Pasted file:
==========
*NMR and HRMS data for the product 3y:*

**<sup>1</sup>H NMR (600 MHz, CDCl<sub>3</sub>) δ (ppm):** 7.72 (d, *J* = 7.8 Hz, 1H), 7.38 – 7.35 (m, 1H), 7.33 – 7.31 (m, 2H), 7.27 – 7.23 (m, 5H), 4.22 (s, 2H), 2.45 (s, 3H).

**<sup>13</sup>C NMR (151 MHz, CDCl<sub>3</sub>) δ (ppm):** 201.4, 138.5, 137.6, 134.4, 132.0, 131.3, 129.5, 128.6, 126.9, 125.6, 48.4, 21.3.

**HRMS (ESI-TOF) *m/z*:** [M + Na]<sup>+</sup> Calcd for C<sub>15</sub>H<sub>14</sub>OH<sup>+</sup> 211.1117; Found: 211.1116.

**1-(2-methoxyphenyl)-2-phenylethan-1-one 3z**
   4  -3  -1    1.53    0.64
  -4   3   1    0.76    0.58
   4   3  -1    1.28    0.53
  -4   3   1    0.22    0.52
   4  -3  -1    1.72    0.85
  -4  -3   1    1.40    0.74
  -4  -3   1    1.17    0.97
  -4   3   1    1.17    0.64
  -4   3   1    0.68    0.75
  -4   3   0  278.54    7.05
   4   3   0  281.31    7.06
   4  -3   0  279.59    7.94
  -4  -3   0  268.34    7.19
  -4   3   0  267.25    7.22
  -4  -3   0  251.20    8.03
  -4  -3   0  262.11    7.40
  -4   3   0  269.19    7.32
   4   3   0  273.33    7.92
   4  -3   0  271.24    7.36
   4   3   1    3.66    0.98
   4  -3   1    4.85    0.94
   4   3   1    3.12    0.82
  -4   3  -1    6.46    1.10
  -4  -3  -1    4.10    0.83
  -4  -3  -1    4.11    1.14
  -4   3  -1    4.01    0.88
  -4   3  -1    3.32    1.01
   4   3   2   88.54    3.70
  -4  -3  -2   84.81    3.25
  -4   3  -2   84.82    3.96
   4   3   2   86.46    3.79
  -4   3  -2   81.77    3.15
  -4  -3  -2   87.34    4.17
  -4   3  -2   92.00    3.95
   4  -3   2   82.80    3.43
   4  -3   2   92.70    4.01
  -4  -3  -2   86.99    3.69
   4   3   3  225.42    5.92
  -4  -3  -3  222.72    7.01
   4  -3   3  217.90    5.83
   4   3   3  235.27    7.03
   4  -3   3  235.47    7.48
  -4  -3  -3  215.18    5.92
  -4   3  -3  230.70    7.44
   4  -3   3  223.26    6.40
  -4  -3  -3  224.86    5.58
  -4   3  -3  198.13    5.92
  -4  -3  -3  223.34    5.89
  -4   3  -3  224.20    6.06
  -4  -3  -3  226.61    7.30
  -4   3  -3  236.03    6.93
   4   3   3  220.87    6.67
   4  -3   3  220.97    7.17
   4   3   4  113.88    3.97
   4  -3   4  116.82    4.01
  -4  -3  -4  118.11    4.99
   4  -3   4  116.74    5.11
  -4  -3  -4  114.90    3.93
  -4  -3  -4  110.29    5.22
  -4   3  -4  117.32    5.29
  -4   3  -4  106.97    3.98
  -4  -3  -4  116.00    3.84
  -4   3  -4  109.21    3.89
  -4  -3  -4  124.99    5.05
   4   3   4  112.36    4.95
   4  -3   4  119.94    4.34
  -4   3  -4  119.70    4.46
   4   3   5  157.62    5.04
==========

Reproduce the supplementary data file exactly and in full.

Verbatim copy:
*NMR and HRMS data for the product 3y:*

**<sup>1</sup>H NMR (600 MHz, CDCl<sub>3</sub>) δ (ppm):** 7.72 (d, *J* = 7.8 Hz, 1H), 7.38 – 7.35 (m, 1H), 7.33 – 7.31 (m, 2H), 7.27 – 7.23 (m, 5H), 4.22 (s, 2H), 2.45 (s, 3H).

**<sup>13</sup>C NMR (151 MHz, CDCl<sub>3</sub>) δ (ppm):** 201.4, 138.5, 137.6, 134.4, 132.0, 131.3, 129.5, 128.6, 126.9, 125.6, 48.4, 21.3.

**HRMS (ESI-TOF) *m/z*:** [M + Na]<sup>+</sup> Calcd for C<sub>15</sub>H<sub>14</sub>OH<sup>+</sup> 211.1117; Found: 211.1116.

**1-(2-methoxyphenyl)-2-phenylethan-1-one 3z**
   4  -3  -1    1.53    0.64
  -4   3   1    0.76    0.58
   4   3  -1    1.28    0.53
  -4   3   1    0.22    0.52
   4  -3  -1    1.72    0.85
  -4  -3   1    1.40    0.74
  -4  -3   1    1.17    0.97
  -4   3   1    1.17    0.64
  -4   3   1    0.68    0.75
  -4   3   0  278.54    7.05
   4   3   0  281.31    7.06
   4  -3   0  279.59    7.94
  -4  -3   0  268.34    7.19
  -4   3   0  267.25    7.22
  -4  -3   0  251.20    8.03
  -4  -3   0  262.11    7.40
  -4   3   0  269.19    7.32
   4   3   0  273.33    7.92
   4  -3   0  271.24    7.36
   4   3   1    3.66    0.98
   4  -3   1    4.85    0.94
   4   3   1    3.12    0.82
  -4   3  -1    6.46    1.10
  -4  -3  -1    4.10    0.83
  -4  -3  -1    4.11    1.14
  -4   3  -1    4.01    0.88
  -4   3  -1    3.32    1.01
   4   3   2   88.54    3.70
  -4  -3  -2   84.81    3.25
  -4   3  -2   84.82    3.96
   4   3   2   86.46    3.79
  -4   3  -2   81.77    3.15
  -4  -3  -2   87.34    4.17
  -4   3  -2   92.00    3.95
   4  -3   2   82.80    3.43
   4  -3   2   92.70    4.01
  -4  -3  -2   86.99    3.69
   4   3   3  225.42    5.92
  -4  -3  -3  222.72    7.01
   4  -3   3  217.90    5.83
   4   3   3  235.27    7.03
   4  -3   3  235.47    7.48
  -4  -3  -3  215.18    5.92
  -4   3  -3  230.70    7.44
   4  -3   3  223.26    6.40
  -4  -3  -3  224.86    5.58
  -4   3  -3  198.13    5.92
  -4  -3  -3  223.34    5.89
  -4   3  -3  224.20    6.06
  -4  -3  -3  226.61    7.30
  -4   3  -3  236.03    6.93
   4   3   3  220.87    6.67
   4  -3   3  220.97    7.17
   4   3   4  113.88    3.97
   4  -3   4  116.82    4.01
  -4  -3  -4  118.11    4.99
   4  -3   4  116.74    5.11
  -4  -3  -4  114.90    3.93
  -4  -3  -4  110.29    5.22
  -4   3  -4  117.32    5.29
  -4   3  -4  106.97    3.98
  -4  -3  -4  116.00    3.84
  -4   3  -4  109.21    3.89
  -4  -3  -4  124.99    5.05
   4   3   4  112.36    4.95
   4  -3   4  119.94    4.34
  -4   3  -4  119.70    4.46
   4   3   5  157.62    5.04